Life Lessons

What they don’t tell you before your first mammogram

In January I hit a milestone birthday, a new decade, a new age category for races. I turned forty. Along with turning forty comes the responsibility of getting your first mammogram. Truth be told I’m diligent about going to the dentist and to the gynecologist. When it comes to going to the eye doctor I generally go when I know my prescription needs to be adjusted. Don’t even get me started about routine bloodwork and physicals. I know, I know I need to do better. But this year I got my act together. I picked one day and did it all. Mammogram, physical, dermatologist. Check, check, check. And I had gotten the bloodwork done ahead of time. I was feeling quite proud of myself for getting everything done. I know you don’t rewarded for just doing what you are supposed to do, but I got it done.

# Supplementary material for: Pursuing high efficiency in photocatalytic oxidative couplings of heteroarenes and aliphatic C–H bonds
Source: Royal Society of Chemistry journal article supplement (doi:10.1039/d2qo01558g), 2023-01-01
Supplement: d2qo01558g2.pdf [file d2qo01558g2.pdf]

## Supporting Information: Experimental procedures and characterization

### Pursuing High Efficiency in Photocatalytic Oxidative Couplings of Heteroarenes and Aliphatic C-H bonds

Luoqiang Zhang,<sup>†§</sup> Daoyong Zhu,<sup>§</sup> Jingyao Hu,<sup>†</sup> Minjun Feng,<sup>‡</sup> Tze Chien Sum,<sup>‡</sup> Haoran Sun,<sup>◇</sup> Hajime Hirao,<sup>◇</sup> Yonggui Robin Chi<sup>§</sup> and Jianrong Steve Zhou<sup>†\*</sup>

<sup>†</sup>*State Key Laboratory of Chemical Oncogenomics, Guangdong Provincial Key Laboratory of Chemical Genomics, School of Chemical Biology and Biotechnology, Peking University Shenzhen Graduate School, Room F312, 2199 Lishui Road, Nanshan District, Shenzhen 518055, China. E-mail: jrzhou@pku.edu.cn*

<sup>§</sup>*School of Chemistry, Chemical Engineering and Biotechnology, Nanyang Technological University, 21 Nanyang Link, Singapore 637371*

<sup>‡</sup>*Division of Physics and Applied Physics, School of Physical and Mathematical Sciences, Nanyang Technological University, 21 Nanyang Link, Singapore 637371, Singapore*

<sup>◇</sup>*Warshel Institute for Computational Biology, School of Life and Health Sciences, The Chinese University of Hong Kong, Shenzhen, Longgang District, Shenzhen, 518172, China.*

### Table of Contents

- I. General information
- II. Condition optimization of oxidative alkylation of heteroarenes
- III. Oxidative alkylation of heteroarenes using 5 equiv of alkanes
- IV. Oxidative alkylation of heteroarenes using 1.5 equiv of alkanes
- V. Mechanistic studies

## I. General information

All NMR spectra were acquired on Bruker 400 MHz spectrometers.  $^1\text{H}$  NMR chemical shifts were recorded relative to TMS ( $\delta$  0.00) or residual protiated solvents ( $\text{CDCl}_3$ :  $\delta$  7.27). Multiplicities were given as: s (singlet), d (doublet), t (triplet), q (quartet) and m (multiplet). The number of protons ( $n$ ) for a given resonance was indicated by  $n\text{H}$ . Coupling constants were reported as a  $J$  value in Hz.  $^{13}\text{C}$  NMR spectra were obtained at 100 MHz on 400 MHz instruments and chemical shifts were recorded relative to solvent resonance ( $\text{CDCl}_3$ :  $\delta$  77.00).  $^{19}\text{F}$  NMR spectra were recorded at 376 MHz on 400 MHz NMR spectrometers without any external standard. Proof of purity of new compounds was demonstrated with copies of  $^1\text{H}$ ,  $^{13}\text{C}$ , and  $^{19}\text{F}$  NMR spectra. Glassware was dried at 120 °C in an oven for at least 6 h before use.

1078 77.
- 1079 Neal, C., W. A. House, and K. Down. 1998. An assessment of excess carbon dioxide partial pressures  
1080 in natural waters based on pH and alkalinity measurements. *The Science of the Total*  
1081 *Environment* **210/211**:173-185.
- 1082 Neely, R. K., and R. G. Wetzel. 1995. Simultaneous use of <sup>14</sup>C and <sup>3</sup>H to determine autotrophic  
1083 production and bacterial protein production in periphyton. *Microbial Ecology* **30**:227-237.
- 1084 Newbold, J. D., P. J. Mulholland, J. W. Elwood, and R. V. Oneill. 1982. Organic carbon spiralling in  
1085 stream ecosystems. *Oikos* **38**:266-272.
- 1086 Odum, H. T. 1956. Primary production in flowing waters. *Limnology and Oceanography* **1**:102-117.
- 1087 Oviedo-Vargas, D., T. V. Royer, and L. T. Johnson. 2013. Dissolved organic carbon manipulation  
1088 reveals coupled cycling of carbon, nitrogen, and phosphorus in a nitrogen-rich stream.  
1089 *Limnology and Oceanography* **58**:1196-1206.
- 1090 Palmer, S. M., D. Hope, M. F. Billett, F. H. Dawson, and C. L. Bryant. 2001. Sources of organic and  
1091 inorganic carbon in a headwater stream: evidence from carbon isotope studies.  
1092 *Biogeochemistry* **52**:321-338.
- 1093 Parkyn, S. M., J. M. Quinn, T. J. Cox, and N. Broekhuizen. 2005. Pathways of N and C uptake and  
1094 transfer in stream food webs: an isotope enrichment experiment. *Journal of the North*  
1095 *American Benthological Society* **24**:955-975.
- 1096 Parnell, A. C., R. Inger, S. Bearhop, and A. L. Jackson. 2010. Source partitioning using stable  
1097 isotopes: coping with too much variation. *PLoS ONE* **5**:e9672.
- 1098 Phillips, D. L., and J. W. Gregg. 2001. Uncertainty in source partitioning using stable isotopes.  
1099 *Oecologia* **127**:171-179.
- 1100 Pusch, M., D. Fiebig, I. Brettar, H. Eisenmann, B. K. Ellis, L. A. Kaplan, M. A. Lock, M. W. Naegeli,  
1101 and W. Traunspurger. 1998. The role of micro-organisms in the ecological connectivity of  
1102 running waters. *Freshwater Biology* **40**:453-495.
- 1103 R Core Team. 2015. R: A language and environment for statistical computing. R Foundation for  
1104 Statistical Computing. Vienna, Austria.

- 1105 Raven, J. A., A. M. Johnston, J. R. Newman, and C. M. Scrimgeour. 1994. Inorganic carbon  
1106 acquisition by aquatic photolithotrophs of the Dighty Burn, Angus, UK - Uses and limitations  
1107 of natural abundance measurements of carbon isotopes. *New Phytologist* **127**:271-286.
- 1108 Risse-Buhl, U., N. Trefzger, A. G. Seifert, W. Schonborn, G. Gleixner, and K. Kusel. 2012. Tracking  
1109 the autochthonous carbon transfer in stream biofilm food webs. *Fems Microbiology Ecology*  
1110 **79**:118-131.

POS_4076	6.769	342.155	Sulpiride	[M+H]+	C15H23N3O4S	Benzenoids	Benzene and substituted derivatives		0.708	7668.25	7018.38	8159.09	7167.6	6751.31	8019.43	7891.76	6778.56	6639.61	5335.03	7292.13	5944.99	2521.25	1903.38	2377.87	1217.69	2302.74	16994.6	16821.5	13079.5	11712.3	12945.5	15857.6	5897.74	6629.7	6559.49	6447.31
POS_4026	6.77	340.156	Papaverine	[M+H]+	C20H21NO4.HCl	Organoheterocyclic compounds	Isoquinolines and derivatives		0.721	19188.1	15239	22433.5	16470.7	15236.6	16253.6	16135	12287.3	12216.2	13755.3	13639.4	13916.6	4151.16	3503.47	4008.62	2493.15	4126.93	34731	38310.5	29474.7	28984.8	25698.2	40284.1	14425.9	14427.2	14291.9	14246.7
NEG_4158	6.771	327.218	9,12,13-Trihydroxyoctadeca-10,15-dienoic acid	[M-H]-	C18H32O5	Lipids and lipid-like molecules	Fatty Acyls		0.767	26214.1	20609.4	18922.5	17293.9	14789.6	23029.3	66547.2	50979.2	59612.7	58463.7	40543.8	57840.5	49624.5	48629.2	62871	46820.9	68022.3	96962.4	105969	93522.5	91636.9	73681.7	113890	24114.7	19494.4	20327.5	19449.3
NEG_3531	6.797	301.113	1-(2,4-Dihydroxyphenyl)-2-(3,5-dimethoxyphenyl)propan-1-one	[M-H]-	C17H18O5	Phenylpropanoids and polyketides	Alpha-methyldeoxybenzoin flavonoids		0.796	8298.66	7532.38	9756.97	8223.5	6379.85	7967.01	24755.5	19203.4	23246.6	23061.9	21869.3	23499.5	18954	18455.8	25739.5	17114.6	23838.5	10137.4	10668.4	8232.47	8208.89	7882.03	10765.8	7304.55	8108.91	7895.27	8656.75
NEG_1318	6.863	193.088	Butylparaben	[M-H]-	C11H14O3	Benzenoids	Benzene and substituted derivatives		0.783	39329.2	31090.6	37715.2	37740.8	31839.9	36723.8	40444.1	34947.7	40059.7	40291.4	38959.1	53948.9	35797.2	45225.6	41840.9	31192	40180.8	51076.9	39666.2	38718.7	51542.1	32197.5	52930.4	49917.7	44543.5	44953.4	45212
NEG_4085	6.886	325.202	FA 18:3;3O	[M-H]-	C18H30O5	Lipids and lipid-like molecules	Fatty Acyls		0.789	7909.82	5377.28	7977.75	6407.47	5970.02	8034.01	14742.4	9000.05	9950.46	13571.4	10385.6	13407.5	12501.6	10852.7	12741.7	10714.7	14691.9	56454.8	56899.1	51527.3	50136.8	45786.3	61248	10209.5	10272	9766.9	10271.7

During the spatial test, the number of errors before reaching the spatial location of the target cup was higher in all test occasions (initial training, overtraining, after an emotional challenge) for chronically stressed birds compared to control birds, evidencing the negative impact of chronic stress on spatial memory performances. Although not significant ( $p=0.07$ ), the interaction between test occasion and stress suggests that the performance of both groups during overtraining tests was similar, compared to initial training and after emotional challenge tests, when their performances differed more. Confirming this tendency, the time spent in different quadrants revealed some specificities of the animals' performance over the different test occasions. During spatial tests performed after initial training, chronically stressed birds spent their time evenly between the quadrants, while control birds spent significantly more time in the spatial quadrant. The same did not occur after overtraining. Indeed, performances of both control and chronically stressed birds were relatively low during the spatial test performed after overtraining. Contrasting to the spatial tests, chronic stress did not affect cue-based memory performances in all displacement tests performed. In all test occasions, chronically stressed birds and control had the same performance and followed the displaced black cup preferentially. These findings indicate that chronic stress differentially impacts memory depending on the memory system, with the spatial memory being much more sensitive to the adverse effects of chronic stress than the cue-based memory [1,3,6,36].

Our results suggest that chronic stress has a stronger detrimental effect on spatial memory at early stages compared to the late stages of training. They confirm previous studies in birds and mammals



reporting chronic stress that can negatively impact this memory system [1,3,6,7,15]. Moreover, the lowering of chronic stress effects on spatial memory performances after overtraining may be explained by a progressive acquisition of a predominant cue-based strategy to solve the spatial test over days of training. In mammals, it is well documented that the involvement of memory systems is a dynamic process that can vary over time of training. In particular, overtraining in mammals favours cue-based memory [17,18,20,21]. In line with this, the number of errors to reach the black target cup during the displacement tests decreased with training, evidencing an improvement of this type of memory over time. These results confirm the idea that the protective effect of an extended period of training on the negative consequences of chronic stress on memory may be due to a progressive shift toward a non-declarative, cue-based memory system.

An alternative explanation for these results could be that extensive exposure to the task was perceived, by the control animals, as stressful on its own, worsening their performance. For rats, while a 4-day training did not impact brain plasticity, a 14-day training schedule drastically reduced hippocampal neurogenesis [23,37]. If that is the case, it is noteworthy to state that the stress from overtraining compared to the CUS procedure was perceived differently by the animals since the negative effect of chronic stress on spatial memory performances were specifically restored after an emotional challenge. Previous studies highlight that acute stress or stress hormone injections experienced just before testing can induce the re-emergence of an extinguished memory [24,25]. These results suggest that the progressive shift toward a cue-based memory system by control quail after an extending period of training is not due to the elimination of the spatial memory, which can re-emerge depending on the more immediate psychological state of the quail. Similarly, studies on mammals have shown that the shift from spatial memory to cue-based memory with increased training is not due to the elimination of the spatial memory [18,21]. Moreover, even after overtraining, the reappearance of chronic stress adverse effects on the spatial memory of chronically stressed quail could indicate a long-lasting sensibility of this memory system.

So let’s talk a little about the mammogram experience. So maybe it’s just me but no one really adequately prepares you for this experience. I went to Advance Radiology because that’s where I went for all my ultrasounds with the boys and felt comfortable there. The very kind woman brought me back and clearly even with the mask on I had a deer in headlights look. At which time she said, “ah, it’s your first time.” Well, yes, yes it is and I’m basically terrified. She kind explained what was going to happen. That said, there’s actually no way to adequately prepare you for the squishing that occurs to your breast, but I digress. She had the presence of mind to say- “don’t worry if you get a call back letter; it happens all the time.” She said it. I heard it. I knew it was a possibility. But literally when the letter arrived I thought the worst. I spend so much time being super positive and thinking everything happens for a reason, but my mind when negative and then I couldn’t bring it back. I immediately scheduled the follow up mammogram and ultrasound. All the while, my brain was wondering how this could be possible?